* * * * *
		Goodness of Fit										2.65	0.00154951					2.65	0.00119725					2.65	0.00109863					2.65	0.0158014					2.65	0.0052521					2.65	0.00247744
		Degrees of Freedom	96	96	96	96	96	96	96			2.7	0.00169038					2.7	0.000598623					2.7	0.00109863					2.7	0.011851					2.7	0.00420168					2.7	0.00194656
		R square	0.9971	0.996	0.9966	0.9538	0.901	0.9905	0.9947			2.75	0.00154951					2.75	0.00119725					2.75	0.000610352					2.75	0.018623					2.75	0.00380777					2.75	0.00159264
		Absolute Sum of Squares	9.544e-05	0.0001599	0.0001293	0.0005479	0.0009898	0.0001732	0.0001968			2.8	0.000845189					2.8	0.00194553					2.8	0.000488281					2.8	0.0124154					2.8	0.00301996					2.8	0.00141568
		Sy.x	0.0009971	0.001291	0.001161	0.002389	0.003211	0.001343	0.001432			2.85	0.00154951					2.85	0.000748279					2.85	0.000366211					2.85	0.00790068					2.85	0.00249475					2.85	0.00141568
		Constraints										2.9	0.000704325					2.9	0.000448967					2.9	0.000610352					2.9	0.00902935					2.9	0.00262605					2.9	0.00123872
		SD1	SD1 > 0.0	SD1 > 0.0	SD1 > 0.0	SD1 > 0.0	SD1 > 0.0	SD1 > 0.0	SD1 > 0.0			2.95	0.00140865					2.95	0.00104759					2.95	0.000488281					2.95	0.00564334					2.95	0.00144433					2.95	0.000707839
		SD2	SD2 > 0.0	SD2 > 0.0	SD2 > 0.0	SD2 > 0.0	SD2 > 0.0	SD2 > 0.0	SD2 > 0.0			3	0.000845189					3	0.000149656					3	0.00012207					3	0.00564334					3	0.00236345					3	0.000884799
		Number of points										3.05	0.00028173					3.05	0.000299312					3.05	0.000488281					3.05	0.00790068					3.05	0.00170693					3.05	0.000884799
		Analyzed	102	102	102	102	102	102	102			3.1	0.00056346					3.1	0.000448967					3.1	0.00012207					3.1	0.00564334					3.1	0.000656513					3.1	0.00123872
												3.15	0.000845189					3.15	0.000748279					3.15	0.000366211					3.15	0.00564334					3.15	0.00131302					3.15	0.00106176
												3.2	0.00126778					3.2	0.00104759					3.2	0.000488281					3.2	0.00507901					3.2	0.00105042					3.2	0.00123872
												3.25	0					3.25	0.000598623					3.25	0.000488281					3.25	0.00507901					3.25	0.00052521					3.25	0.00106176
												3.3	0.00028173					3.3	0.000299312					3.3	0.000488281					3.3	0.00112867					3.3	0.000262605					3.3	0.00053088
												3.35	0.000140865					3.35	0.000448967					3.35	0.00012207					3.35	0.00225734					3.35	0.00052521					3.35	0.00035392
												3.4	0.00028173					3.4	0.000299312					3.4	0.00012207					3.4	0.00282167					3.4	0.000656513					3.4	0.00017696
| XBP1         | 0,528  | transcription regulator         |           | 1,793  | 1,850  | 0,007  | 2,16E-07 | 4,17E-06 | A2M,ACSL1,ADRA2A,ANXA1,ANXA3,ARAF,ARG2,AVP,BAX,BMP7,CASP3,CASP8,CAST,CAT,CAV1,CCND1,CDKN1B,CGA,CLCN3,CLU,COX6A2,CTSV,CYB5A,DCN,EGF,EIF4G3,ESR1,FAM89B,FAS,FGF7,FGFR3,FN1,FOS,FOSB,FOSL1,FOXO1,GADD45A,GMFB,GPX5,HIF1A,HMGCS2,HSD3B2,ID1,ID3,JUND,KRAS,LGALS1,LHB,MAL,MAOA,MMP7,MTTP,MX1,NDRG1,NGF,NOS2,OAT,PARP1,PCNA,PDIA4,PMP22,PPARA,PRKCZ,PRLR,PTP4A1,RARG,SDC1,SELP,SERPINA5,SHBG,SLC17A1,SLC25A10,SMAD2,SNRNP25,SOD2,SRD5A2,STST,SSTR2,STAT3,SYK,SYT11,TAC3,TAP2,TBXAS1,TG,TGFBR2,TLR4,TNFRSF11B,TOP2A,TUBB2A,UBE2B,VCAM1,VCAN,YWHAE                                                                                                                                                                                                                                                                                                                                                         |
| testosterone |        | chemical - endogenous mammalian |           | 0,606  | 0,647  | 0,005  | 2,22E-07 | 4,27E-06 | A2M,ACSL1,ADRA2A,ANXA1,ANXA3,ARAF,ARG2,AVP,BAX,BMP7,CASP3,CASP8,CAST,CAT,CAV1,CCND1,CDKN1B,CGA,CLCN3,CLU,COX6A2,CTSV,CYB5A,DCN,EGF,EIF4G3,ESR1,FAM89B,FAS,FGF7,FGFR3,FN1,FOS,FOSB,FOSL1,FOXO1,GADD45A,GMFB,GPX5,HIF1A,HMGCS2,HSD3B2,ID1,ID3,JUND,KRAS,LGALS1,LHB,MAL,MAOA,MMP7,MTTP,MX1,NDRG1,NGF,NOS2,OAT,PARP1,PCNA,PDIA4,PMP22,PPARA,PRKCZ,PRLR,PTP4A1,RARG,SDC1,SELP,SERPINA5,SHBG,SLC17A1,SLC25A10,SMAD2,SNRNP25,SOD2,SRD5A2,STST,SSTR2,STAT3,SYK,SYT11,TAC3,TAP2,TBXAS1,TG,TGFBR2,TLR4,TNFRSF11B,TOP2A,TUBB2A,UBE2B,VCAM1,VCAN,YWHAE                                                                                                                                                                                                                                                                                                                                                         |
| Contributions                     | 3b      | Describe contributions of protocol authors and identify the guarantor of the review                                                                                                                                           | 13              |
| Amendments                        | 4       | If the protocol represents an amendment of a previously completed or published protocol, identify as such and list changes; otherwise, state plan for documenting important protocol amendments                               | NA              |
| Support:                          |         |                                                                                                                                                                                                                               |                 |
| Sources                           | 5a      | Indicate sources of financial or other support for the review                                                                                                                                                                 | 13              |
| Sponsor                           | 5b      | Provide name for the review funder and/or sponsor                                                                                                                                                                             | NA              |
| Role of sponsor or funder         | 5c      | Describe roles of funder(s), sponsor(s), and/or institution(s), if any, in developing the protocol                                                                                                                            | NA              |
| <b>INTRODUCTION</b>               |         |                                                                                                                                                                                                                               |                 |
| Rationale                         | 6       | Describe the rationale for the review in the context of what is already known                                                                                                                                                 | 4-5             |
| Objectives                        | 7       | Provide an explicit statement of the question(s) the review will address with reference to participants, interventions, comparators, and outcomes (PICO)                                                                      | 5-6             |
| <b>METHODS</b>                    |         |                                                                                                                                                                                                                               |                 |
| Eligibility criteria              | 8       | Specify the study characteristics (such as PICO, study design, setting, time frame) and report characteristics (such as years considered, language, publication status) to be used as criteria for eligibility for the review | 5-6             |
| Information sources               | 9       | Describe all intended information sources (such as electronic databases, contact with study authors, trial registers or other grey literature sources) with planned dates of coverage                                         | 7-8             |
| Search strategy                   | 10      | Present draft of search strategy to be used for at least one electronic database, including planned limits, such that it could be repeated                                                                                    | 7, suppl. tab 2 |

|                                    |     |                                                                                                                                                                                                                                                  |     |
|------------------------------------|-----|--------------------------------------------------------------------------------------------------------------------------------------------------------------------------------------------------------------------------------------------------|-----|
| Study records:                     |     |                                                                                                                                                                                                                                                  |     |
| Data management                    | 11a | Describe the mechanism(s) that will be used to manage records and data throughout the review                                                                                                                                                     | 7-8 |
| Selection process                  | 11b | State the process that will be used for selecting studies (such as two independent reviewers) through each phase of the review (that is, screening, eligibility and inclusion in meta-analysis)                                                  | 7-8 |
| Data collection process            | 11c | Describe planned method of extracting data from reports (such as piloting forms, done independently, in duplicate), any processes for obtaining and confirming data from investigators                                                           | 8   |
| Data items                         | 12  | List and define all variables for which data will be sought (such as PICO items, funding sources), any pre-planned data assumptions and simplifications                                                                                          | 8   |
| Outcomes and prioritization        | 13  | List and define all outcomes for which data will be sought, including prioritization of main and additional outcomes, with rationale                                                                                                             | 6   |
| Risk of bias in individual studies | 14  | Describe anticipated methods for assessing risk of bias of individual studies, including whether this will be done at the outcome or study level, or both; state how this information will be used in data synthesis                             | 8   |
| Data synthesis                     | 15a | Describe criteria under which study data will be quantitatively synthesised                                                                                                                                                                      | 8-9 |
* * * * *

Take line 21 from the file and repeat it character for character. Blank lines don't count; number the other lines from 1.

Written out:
| Support:                          |         |                                                                                                                                                                                                                               |                 |